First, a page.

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In computer architecture, 36-bit integers, memory addresses, or other data units are those that are at most 36 bits (six six-bit characters) wide. Also, 36-bit CPU and ALU architectures are those that are based on registers, address buses, or data buses of that size.

Prior to the introduction of computers, the state of the art in precision scientific and engineering calculation was the ten-digit, electrically powered, mechanical calculator, such as those manufactured by Friden, Marchant and Monroe. These calculators had a column of keys for each digit, and operators were trained to use all their fingers when entering numbers, so while some specialized calculators had more columns, ten was a practical limit. Computers, as the new competitor, had to match that accuracy. Decimal computers sold in that era, such as the IBM 650 and the IBM 7070, had a word length of ten digits, as did ENIAC, one of the earliest computers.

Early binary computers aimed at the same market therefore often used a 36-bit word length.[1] This was long enough to represent positive and negative integers to an accuracy of ten decimal digits (35 bits would have been the minimum). It also allowed the storage of six alphanumeric characters encoded in a six-bit character code. Computers with 36-bit words included the MIT Lincoln Laboratory TX-2, the IBM 701/704/709/7090/7094, the UNIVAC 1103/1103A/1105, the UNIVAC 1100/2200, the General Electric GE-600/Honeywell 6000, the Digital Equipment Corporation PDP-6/PDP-10 (as used in the DECsystem-10/DECSYSTEM-20), and the Symbolics 3600 series.

Smaller machines like the PDP-1/PDP-9/PDP-15 used 18-bit words, so a double word was 36 bits.

These computers had addresses 15 to 18 bits in length. The addresses referred to 36-bit words, so the computers were limited to addressing between 32768 and 262144 words (196608 to 1572864 six-bit characters). The older 36-bit computers were limited to a similar amount of physical memory as well. Architectures that survived evolved over time to support larger virtual address spaces using memory segmentation or other mechanisms.

The common character packings included:

  • six 5.32-bit DEC Radix-50 characters, plus four spare bits
  • six 6-bit Fieldata or IBM BCD characters (ubiquitous in early usage)
  • six 6-bit ASCII characters, supporting the upper-case unaccented letters, digits, space, and most ASCII punctuation characters. It was used on the PDP-6 and PDP-10 under the name sixbit.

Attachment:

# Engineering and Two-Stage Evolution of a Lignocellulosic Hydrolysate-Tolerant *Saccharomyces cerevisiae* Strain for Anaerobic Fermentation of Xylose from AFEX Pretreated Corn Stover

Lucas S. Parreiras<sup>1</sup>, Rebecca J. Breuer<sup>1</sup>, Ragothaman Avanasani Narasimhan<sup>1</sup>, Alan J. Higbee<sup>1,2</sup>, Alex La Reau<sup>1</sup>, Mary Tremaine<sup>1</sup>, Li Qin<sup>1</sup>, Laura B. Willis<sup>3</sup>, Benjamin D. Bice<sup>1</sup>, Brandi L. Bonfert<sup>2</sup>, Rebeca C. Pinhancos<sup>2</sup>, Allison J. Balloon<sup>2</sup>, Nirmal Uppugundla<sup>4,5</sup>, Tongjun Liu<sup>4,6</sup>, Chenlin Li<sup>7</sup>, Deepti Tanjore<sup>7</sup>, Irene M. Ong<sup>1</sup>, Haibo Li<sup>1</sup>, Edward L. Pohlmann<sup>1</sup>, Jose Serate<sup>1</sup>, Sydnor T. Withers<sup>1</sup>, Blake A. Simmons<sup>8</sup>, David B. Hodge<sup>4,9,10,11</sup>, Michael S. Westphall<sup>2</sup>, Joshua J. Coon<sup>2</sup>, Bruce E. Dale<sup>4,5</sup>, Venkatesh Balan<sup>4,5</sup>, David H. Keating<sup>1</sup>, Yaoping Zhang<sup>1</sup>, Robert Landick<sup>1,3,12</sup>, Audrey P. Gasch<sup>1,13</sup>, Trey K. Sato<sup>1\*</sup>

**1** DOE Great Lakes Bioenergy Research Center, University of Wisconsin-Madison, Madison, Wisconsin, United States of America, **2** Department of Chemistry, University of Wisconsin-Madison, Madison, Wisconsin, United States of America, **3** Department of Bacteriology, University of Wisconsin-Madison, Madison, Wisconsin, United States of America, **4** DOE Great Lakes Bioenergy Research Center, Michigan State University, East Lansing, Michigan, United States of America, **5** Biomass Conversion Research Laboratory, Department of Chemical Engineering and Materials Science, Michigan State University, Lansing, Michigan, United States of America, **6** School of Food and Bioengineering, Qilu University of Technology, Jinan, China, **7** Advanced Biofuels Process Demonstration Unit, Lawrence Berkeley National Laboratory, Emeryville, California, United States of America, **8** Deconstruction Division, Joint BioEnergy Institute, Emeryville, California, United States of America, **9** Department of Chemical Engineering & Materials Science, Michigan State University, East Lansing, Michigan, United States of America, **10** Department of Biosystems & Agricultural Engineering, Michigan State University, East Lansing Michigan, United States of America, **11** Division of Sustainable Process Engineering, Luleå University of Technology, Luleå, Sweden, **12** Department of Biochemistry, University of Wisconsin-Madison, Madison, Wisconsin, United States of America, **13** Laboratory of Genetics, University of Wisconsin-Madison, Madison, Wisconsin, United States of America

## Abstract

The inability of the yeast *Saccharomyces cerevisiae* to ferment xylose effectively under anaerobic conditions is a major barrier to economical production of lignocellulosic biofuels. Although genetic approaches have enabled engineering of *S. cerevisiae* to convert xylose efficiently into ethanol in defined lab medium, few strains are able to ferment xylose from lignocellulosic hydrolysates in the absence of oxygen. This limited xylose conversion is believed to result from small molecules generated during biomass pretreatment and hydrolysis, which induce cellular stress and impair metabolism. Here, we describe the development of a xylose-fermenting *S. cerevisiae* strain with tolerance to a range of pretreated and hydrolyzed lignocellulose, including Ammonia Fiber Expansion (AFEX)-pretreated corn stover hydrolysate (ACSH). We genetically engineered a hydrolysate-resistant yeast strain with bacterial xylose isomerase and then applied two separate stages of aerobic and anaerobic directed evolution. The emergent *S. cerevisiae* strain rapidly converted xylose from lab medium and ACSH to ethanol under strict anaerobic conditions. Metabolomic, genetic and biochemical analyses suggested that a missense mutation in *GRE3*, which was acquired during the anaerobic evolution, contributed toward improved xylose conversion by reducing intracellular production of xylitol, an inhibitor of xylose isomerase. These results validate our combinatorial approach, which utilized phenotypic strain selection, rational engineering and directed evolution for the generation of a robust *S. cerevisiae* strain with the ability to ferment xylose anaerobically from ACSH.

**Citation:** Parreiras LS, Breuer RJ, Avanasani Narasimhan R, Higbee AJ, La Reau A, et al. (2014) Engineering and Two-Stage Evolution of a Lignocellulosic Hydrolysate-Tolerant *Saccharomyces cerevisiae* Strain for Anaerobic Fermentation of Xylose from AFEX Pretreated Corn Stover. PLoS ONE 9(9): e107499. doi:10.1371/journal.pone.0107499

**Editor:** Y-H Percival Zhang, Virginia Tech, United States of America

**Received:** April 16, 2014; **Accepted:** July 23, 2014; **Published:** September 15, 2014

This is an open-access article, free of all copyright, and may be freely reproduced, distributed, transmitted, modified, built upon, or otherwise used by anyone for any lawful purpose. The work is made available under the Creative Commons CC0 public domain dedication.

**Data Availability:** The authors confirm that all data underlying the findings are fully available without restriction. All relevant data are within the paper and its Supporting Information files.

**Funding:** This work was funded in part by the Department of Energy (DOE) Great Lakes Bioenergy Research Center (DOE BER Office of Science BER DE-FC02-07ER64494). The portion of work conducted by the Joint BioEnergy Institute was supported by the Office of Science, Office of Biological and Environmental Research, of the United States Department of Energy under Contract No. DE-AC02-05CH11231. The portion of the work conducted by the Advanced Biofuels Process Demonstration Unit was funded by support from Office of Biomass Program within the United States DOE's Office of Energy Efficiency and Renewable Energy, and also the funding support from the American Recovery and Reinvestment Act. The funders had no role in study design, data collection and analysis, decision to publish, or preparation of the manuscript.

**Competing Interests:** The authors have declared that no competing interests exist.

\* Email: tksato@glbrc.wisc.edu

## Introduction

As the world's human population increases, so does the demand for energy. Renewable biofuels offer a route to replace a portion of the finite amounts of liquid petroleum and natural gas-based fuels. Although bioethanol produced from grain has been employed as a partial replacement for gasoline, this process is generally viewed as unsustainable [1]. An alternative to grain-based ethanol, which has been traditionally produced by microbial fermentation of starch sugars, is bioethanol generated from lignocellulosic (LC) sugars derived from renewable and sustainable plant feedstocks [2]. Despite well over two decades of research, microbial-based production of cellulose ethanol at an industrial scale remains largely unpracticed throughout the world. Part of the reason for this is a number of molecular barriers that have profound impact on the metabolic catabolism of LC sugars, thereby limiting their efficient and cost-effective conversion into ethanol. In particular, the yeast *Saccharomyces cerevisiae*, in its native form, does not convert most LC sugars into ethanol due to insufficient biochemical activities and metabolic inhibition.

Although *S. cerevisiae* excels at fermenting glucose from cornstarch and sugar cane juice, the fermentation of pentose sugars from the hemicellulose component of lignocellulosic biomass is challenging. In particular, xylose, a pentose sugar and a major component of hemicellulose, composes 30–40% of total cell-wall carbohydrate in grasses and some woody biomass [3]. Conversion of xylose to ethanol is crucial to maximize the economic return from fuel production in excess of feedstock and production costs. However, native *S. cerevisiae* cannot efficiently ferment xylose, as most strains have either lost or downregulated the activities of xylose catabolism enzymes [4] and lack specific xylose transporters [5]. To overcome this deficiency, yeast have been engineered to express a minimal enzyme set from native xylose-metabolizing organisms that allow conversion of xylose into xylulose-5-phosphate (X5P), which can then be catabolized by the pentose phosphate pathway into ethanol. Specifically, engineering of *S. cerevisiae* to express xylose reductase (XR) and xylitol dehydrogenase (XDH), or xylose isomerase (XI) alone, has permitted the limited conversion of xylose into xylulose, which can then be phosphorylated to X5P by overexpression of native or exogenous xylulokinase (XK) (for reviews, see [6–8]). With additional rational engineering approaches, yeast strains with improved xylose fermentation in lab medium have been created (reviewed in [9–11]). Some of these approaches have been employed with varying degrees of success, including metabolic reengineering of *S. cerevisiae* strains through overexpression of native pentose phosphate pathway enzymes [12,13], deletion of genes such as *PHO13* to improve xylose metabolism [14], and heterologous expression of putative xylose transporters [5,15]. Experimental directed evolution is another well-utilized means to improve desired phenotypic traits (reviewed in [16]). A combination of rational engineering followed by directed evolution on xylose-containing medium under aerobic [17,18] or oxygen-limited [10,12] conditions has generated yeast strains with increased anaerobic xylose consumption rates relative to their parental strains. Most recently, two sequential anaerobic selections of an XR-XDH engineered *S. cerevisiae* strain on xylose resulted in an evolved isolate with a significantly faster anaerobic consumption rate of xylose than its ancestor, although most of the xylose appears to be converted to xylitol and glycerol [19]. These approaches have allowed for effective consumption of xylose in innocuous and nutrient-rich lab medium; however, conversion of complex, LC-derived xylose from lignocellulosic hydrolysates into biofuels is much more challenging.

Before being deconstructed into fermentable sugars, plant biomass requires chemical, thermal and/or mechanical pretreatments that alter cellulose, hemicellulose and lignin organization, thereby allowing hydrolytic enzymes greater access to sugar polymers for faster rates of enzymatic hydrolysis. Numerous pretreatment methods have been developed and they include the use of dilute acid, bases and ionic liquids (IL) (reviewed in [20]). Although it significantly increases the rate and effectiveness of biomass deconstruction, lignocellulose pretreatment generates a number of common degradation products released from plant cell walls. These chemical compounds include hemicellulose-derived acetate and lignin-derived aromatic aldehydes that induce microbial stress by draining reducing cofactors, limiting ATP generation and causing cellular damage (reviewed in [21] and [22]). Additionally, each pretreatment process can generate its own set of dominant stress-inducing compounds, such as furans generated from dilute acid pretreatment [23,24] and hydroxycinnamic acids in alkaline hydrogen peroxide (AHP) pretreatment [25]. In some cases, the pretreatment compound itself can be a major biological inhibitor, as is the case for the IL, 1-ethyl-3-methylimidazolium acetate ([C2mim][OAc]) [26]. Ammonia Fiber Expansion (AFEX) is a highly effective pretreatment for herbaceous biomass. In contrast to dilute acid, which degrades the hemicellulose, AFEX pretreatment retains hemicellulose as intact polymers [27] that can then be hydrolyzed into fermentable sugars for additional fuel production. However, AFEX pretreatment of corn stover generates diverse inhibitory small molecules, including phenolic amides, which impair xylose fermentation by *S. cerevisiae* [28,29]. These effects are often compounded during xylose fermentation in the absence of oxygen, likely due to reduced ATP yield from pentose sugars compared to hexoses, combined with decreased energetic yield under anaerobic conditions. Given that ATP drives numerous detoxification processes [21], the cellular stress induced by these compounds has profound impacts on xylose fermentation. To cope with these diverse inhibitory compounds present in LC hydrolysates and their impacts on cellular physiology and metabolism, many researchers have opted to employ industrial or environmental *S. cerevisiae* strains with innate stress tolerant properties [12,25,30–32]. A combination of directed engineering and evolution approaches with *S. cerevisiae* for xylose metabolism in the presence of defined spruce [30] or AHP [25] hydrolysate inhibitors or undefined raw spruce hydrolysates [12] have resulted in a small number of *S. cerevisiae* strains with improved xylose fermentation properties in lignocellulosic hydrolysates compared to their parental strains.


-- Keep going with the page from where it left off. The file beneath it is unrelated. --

• five 7-bit characters and 1 unused bit (the usual PDP-6/10 convention, called five-seven ASCII)[2][3]
  • four 8-bit characters (7-bit ASCII plus 1 spare bit, or 8-bit EBCDIC), plus four spare bits
  • four 9-bit characters[2][3] (the Multics convention).

Characters were extracted from words either using machine code shift and mask operations or with special-purpose hardware supporting 6-bit, 9-bit, or variable-length characters. The Univac 1100/2200 used the partial word designator of the instruction, the "J" field, to access characters. The GE-600 used special indirect words to access 6- and 9-bit characters. the PDP-6/10 had special instructions to access arbitrary-length byte fields.

The standard C programming language requires that the size of the char data type be at least 8 bits,[4] and that all data types other than bitfields have a size that is a multiple of the character size,[5] so standard C implementations on 36-bit machines would typically use 9-bit chars, although 12-bit, 18-bit, or 36-bit would also satisfy the requirements of the standard.[6]

By the time IBM introduced System/360, scientific calculations had shifted to floating point and mechanical calculators were no longer a competitor. The 360s also included instructions for variable length decimal arithmetic for commercial applications, so the practice of using word lengths that were a power of two quickly became commonplace, though some 36-bit computer systems are still sold as of 2014, e.g., the Unisys ClearPath Dorado series, which is the continuation of the UNIVAC 1100/2200 series of mainframe computers.

CompuServe was launched using 36-bit PDP-10 computers in the late 1960s. It continued using PDP-10 and DECSYSTEM-10-compatible hardware and retired the service in the late 2000s.

Other uses in electronics[edit]

The LatticeECP3 FPGAs from Lattice Semiconductor include multiplier slices that can be configured to support the multiplication of two 36-bit numbers.[7] The DSP block in Altera Stratix FPGAs can do 36-bit additions and multiplications.[8]

See also[edit]